On a 1-1 count, Seager hit a hard grounder to Gurriel, setting off a 3-6-1 double play, with McCullers barely grazing the bag in time. Joc Pederson, who worked a nine-pitch walk, scored, but the twin killing defused the situation considerably, and McCullers escaped after inducing a Justin Turner ground out.
McCullers continued to catch breaks. With one out in the fourth, Yasiel Puig’s hot smash deflected off Bregman’s glove and into foul territory. Sprinting through the bag, Puig was unaware there was no throw; belatedly realizing, he took a wide turn at first base, but the delay and the extra distance doomed him to be thrown out on a close play. With one out in the fifth, Pederson doubled, then took third on a groundout. Chris Taylor lined a pitch to centerfield, but George Springer’s diving catch saved a run.
After the Astros gave him another run thanks to a pair of singles and a throwing error by reliever Tony Watson, McCullers’s luck ran out in the sixth, when he walked Seager and allowed a Turner double to start the frame. He struck out Cody Bellinger—running the rookie’s World Series line to 0-for-10 with 6 K’s—then departed, having thrown 87 pitches, 53 of them curveballs, that after finishing his save with 24 straight. The Dodgers swung and missed at eight of them, with Bellinger accounting for four, including three strike threes.
3. The battle of the bullpens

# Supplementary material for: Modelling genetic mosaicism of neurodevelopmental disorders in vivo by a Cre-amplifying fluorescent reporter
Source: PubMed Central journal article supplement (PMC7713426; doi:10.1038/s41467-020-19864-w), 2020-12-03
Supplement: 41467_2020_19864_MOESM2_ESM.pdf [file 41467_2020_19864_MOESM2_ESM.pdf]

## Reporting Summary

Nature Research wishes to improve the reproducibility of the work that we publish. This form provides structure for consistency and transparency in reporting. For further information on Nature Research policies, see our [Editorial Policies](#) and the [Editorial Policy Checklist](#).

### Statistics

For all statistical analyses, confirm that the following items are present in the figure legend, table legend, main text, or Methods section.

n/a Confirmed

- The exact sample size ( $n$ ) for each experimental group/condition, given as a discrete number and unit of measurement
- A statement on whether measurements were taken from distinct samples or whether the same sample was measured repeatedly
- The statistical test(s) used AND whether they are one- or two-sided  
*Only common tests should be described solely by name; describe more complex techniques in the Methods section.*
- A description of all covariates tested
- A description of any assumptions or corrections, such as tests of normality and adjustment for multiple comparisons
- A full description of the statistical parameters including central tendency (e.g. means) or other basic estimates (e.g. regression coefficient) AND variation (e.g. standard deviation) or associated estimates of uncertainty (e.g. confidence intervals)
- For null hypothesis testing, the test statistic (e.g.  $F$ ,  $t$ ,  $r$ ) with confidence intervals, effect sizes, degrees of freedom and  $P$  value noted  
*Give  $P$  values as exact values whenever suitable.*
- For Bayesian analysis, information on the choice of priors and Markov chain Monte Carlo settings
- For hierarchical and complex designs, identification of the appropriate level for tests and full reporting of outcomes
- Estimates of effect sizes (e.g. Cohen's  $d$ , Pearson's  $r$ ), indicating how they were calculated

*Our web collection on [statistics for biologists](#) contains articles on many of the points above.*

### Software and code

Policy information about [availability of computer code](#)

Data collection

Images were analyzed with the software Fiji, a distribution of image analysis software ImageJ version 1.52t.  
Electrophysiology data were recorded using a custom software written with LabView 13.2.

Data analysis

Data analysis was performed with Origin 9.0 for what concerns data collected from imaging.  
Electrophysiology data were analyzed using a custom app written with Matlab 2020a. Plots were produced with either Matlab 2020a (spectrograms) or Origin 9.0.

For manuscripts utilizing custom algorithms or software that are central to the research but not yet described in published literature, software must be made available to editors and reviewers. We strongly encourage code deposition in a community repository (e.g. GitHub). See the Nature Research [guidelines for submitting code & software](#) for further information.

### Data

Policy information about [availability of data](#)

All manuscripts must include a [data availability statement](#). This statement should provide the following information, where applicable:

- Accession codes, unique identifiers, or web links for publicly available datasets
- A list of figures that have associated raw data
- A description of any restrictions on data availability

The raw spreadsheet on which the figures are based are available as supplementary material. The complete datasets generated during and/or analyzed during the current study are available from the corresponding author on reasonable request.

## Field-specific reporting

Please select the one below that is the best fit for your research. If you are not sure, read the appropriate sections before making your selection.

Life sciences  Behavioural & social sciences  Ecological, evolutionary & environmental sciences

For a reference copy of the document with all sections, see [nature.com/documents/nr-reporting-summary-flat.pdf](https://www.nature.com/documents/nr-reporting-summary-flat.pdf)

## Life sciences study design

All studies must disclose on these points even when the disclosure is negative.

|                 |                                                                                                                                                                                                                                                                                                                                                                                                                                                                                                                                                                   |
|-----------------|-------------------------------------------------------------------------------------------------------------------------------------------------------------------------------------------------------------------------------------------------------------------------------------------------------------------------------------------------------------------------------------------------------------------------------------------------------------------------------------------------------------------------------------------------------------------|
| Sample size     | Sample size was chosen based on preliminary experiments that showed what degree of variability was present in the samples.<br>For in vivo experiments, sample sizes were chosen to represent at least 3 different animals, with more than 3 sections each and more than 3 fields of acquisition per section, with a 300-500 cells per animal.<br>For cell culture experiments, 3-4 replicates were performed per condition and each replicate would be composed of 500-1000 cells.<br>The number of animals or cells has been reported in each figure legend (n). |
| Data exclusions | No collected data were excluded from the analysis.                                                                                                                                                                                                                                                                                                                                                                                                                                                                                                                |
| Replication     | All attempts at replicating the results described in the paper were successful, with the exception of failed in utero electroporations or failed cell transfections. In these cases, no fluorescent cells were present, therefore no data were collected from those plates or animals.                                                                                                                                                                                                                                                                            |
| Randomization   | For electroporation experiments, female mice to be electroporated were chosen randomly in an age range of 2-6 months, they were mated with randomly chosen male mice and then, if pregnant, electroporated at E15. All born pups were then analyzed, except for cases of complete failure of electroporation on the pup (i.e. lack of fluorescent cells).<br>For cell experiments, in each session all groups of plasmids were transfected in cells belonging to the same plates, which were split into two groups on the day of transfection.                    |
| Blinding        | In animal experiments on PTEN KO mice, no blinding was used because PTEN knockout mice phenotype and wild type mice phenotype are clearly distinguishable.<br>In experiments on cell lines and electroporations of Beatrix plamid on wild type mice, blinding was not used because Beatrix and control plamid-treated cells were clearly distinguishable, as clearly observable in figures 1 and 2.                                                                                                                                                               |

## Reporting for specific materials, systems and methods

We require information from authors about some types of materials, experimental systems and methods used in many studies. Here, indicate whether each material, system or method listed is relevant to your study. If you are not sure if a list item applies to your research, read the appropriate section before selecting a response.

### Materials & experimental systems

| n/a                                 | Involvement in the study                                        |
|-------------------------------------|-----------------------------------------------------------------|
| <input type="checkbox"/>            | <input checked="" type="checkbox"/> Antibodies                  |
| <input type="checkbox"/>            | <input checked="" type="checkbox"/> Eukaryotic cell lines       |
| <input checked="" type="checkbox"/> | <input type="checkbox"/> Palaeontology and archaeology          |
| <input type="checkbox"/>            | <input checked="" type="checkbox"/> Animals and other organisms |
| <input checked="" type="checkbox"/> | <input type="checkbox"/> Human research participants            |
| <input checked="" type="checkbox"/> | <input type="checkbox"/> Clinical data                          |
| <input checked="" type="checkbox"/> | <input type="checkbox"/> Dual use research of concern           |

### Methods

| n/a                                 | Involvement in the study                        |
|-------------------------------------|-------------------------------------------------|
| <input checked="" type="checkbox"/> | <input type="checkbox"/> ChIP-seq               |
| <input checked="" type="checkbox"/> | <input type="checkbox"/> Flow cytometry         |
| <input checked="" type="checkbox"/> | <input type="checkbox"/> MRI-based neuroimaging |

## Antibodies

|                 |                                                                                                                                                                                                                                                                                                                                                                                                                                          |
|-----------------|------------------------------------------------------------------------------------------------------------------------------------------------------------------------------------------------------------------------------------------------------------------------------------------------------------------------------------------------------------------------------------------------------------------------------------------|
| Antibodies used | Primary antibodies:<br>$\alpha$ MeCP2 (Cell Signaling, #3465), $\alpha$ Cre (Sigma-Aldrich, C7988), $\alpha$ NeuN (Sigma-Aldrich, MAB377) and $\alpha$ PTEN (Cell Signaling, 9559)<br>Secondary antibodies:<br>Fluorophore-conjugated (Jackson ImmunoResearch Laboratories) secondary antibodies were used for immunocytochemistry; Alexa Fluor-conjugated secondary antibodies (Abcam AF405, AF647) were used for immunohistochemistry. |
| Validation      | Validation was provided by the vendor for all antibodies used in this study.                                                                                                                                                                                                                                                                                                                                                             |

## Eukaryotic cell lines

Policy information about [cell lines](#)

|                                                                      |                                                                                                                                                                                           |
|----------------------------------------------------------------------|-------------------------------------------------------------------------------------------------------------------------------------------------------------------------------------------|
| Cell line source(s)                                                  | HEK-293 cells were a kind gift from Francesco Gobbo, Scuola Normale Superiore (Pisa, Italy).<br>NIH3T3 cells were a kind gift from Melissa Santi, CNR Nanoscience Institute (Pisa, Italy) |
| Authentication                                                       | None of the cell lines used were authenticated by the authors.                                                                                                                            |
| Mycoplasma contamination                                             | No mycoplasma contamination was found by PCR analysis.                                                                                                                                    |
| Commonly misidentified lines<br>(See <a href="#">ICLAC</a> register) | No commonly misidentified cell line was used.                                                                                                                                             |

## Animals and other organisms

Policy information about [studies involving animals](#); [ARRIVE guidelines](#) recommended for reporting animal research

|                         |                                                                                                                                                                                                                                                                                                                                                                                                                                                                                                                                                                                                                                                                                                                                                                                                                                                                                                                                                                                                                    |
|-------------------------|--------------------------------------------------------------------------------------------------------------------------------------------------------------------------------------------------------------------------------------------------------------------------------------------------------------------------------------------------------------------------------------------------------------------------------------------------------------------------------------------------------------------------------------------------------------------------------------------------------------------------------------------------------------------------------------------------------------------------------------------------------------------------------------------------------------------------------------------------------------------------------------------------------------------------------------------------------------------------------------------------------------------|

Both runners McCullers left behind scored on the watch of Peacock. Puig brought home Seager with a grounder and then Turner scored on a wild pitch, trimming the lead to 5-3. But Peacock, who did strong work as a swingman for Houston during the regular season, particularly as a rotation patch when McCullers went down, took the Astros the rest of the way. He retired 11 of the 12 batters he faced, with a two-out walk in the seventh by Andre Ethier the exception. Considering that Houston’s bullpen had turned in a 4.91 ERA in the postseason to that point, it was a huge performance.
Peacock’s 3 ⅔ innings save tied for the second longest in World Series history since the save became an official stat in 1969; Madison Bumgarner’s five-inning effort to close out the 2014 World Series is the longest, with Peacock equaling the Dodgers’ Steve Howe going 3 ⅔ to close out the 1981 World Series. Five other pitchers had saves of at least that length going all the way back to 1944.
By and large, the Dodgers’ bullpen did a great job of keeping their team in the game as well, albeit not without some moments that must have grayed Roberts’ hair. Maeda continued his run of success in relief, running his postseason totals to nine shutout innings with just two hits and one walk while striking out nine. Watson, Brandon Morrow, Tony Cingrani and Ross Stripling combined for 3 ⅔ innings with six hits and two walks allowed, and Watson did allow a run, but that quartet stranded seven runners, four of them in scoring position.
Morrow struck out both Altuve and Correa with runners on first and second to end the sixth. Stripling, who came on with the bases loaded, retired Springer on a 408-foot fly ball to dead centerfield that everyone in the ballpark thought was out. And with good cause. Via MLB.com Statcast guru Mike Petriello, only one ball out of 19 with that combination of exit velocity and launch angle (108 mph and 32 degrees) has failed to leave the yard during the Statcast era.
Still, the Dodgers’ failure to get length out of Darvish will have repercussions, particularly with Alex Wood, who lasted just 4 ⅔ innings in his NLCS Game 4 start, going on Saturday. Maeda, who threw 42 pitches, will likely be unavailable, though the others threw 18 or fewer, with Morrow—who has pitched in 10 of the team’s 11 postseason games—throwing 13.